proud, with a green turban, and an aigrette of uncut jewels
to fasten it. Two Arabs, with their hands upon their
daggers, stood behind him to guard him.
Simon Iff seated himself and drank the coffee brought by the
attendant as he watched the dance. There is no fascination
in the world like this: if you have enough coffee, and
enough tobacco, and just the right amount of hashish, you
can sit all night and every night, and never wax weary of
that splendid show. There is no question of a performance
inthe Anglo-Saxon sense of the word. It resembles nothing
so much as ocean. There is no object, not even play. The
dance simply existed, indifferent to all things. For those
who can stop grasping the streams of event and float upon
that ocean, it is very Paradise. If you expect something to
happen, or want something to happen, it is Hell.
The girl who had been dancing sat down, without warning, as
she had begun. In these Arabian Nights nobody takes
apparent notice of anything. But there was a murmur as of
the birth of some hot deadly wind, when, after a pause,
Fatima advanced to the front of the dais. She was tall and
slim, but sturdy. Her head-dress, her necklaces, her
amulets and her anklets were all of Napoleons strung on gold
wire. As she stood and swayed, there were a couple of
thousand dollars on her in gold currency. She was of rich
yellow-brown skin, like an autumn leaf at its most golden.
There were purple shadows, lucious as ripe plums. All
blended admirably with the dull blue of her tattoo marks,
and the Indian red of the big sash which accentuated her
hips. It was fastened with a huge brooch, circular, of
rough pearls; and with her glances and her gestures her
whole dance seemed to say, "Look at my brooch!" Simon Iff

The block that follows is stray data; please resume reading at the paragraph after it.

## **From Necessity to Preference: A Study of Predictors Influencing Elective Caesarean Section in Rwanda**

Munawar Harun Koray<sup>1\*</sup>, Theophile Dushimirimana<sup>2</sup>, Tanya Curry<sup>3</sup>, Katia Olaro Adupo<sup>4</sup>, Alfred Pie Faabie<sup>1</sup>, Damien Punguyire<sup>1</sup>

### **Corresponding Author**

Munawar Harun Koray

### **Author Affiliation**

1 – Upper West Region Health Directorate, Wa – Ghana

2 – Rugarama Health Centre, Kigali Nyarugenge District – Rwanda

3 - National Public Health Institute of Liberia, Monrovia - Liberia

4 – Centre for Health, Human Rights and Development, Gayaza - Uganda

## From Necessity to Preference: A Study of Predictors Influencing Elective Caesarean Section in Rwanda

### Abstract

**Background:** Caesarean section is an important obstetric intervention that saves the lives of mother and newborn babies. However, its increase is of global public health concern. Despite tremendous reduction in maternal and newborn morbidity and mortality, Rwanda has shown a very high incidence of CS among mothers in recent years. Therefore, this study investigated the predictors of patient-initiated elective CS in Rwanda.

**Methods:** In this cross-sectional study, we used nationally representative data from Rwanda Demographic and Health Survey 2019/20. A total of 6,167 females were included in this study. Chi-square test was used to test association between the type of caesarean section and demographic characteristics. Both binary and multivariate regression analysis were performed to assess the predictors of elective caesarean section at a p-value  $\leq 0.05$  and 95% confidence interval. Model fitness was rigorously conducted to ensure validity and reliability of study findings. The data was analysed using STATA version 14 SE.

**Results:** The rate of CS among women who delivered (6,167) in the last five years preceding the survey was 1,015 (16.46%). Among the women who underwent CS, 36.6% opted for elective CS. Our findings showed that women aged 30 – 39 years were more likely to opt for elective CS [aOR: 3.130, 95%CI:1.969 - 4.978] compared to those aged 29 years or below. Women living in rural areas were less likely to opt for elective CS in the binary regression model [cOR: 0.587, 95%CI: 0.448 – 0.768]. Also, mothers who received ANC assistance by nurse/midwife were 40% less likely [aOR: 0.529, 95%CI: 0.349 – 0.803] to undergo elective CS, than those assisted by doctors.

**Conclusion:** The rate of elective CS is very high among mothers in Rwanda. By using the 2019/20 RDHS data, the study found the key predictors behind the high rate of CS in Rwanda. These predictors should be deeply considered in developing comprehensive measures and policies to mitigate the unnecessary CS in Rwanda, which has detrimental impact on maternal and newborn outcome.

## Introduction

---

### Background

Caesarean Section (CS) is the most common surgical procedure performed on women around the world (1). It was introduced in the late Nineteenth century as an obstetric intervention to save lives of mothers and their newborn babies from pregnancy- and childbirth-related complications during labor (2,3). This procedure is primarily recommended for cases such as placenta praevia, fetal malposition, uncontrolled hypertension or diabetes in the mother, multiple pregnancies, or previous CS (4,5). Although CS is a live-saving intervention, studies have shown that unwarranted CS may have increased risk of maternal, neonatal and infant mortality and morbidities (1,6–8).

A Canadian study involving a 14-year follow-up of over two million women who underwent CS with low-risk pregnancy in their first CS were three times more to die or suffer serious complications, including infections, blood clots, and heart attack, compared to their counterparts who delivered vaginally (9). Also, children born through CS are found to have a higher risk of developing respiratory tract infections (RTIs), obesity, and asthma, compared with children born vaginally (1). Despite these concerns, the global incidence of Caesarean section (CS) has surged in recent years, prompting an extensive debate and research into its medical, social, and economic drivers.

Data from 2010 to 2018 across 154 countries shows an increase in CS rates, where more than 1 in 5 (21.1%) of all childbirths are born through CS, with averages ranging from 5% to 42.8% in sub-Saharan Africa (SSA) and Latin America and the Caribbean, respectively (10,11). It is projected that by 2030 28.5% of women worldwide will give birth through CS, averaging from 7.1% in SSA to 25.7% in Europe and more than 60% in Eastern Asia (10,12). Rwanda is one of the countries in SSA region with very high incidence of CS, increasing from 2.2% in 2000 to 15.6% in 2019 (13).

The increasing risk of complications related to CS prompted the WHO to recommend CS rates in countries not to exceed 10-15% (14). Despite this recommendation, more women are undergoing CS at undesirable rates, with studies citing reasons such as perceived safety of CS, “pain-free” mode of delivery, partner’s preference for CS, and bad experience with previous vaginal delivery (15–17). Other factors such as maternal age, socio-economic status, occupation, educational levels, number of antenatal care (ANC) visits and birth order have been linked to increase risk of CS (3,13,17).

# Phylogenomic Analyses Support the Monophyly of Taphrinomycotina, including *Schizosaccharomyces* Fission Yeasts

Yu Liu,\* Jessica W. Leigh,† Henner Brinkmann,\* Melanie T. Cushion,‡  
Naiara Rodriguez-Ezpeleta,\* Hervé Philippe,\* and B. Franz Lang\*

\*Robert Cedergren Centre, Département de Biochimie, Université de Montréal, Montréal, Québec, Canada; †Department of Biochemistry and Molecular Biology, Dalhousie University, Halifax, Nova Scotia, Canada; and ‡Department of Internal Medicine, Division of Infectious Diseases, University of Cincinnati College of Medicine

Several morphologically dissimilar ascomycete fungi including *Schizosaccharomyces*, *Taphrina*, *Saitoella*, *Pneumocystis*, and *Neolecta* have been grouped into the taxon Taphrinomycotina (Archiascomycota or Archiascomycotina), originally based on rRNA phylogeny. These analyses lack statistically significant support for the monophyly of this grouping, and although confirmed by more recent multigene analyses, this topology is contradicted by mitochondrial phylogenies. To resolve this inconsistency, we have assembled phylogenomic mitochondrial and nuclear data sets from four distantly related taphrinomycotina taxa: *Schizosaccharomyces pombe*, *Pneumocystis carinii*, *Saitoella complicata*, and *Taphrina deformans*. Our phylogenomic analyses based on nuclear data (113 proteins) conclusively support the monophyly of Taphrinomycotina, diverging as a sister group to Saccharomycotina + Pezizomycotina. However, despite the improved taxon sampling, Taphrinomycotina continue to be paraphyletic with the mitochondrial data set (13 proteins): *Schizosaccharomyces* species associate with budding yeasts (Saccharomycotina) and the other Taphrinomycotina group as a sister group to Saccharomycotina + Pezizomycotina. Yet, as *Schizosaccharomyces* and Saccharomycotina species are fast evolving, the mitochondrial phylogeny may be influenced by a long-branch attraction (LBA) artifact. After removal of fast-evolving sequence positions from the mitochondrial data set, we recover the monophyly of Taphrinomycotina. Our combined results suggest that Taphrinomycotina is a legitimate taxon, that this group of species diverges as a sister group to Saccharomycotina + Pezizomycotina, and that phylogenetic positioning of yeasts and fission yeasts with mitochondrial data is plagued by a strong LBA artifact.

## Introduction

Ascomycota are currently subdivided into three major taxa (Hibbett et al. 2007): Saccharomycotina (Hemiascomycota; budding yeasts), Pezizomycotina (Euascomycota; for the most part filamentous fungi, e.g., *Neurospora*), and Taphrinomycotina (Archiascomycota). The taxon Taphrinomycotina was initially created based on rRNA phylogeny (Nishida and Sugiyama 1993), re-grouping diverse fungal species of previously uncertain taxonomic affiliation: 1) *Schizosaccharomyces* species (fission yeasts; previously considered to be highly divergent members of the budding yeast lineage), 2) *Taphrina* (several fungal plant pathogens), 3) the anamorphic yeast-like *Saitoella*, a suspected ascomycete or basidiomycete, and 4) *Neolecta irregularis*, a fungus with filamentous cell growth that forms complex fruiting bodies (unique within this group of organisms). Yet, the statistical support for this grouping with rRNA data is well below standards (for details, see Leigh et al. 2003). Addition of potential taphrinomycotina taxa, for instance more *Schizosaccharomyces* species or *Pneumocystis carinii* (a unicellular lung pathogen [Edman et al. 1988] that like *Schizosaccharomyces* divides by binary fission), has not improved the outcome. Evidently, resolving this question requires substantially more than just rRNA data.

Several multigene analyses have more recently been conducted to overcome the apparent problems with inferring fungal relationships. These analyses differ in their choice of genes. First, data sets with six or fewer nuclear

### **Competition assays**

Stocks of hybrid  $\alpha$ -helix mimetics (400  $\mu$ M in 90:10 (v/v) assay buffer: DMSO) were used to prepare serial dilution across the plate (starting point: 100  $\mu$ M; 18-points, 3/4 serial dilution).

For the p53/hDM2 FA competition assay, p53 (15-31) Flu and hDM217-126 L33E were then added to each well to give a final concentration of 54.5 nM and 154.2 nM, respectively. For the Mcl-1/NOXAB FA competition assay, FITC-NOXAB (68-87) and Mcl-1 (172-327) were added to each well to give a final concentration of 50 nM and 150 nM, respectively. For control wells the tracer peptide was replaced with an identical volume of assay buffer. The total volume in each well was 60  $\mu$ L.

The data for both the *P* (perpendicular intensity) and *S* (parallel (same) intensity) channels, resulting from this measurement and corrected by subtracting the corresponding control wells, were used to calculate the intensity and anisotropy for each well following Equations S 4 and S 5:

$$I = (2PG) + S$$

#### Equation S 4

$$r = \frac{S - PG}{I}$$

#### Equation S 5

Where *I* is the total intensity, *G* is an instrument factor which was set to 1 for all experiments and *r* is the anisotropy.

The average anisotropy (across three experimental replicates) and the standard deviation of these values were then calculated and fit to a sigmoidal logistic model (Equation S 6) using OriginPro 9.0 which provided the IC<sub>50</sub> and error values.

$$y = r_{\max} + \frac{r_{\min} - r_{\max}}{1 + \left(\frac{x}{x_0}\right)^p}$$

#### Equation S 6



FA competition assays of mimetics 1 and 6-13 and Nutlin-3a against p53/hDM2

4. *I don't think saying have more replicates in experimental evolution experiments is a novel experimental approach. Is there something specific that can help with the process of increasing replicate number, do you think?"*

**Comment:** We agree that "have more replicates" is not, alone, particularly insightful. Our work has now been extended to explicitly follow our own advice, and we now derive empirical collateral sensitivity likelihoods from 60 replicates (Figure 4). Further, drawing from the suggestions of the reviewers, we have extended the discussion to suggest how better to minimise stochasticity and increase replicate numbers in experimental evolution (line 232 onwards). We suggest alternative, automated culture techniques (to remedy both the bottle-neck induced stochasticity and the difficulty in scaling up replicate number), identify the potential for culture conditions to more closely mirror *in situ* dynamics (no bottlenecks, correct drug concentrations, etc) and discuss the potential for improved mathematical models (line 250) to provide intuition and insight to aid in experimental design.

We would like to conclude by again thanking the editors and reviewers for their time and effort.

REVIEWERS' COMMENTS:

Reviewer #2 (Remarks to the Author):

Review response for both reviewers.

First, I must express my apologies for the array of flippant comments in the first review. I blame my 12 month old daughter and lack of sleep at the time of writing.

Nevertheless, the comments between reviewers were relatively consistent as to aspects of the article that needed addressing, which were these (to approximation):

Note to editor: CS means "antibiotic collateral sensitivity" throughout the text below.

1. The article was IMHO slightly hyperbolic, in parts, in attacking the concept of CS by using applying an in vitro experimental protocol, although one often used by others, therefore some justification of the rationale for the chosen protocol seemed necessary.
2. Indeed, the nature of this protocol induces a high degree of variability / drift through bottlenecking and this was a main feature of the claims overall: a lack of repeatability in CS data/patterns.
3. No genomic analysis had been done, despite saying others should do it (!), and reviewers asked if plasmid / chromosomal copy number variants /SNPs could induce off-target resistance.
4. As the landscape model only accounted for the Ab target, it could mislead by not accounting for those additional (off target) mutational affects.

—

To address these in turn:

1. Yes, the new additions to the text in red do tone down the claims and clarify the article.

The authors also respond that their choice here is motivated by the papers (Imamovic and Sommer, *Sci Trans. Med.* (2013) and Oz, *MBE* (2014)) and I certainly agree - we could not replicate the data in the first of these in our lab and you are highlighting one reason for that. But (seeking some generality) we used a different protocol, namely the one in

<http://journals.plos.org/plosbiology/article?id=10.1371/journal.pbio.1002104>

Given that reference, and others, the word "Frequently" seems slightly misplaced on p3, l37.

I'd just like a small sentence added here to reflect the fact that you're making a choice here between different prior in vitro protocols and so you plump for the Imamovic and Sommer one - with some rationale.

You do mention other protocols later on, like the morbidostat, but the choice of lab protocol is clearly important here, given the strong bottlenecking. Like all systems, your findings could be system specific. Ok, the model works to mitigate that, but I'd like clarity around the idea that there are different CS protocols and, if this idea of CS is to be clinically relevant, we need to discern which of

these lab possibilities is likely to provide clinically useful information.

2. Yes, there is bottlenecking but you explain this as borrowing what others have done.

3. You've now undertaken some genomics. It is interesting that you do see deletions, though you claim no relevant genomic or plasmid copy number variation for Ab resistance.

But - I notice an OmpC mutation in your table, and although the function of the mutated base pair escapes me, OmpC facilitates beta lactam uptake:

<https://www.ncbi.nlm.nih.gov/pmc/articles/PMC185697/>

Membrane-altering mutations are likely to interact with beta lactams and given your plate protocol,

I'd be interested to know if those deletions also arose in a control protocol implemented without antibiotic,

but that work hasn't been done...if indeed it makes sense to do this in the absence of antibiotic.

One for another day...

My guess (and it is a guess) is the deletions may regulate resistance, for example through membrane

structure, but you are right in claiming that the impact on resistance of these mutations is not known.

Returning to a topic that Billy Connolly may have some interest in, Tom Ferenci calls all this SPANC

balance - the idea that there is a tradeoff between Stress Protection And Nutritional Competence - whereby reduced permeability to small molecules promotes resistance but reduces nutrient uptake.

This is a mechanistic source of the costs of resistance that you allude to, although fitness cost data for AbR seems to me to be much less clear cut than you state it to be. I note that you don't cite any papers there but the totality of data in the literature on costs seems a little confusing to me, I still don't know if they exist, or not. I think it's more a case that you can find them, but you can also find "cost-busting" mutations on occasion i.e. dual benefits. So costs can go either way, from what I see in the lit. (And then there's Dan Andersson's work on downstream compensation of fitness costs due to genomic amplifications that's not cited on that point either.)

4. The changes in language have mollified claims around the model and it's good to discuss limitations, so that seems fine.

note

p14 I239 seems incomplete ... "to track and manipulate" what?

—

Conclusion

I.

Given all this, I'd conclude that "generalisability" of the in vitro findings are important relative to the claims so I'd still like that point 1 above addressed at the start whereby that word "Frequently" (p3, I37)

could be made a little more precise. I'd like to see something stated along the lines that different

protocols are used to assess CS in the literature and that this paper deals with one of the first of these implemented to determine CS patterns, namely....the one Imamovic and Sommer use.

looked. His eyes left her body, that swayed just as a snake
does when it hears music of the right kind, her head that
jagged from shoulder to shoulder with an insanely impossible
jerk, and came to the brooch. It rose and fell like the
breast of a sleeping child; then it made circles, loops,
whorls, sinuous, and subtle, as if the moon were drunken on
old wine; then with savage ecstasy it gave a series of
strong jerks, straight up and down, and Simon thought that
it could drag his soul to Hell, and he would love her for
it. He contrasted her mentally with a fat hag from Tunis,
Jewish and Greek, he thought, who banged a cymbal in the
background. The flabby piece of paste! The old Sheikh
noticed the magician's glance wander, and told him that the
object of his animadversion was Fatima's mother.
"Italian and Jewish from Malta the island is she by birth,
and her name is Desda, which in that speech means desirable;
but Fatima's father was a pure Badawi, a lizard of the
sand. Dirty Desda, they call her, and Mother of Snot."
"O father of fortunate warriors, is it the dawamesk which
betrayeth my judgement, or is this Fatima indeed a Peri of
the Prophet? For such enchantment have I never beheld with
"It is the dawamesk, without doubt, o Lord of Judgments, for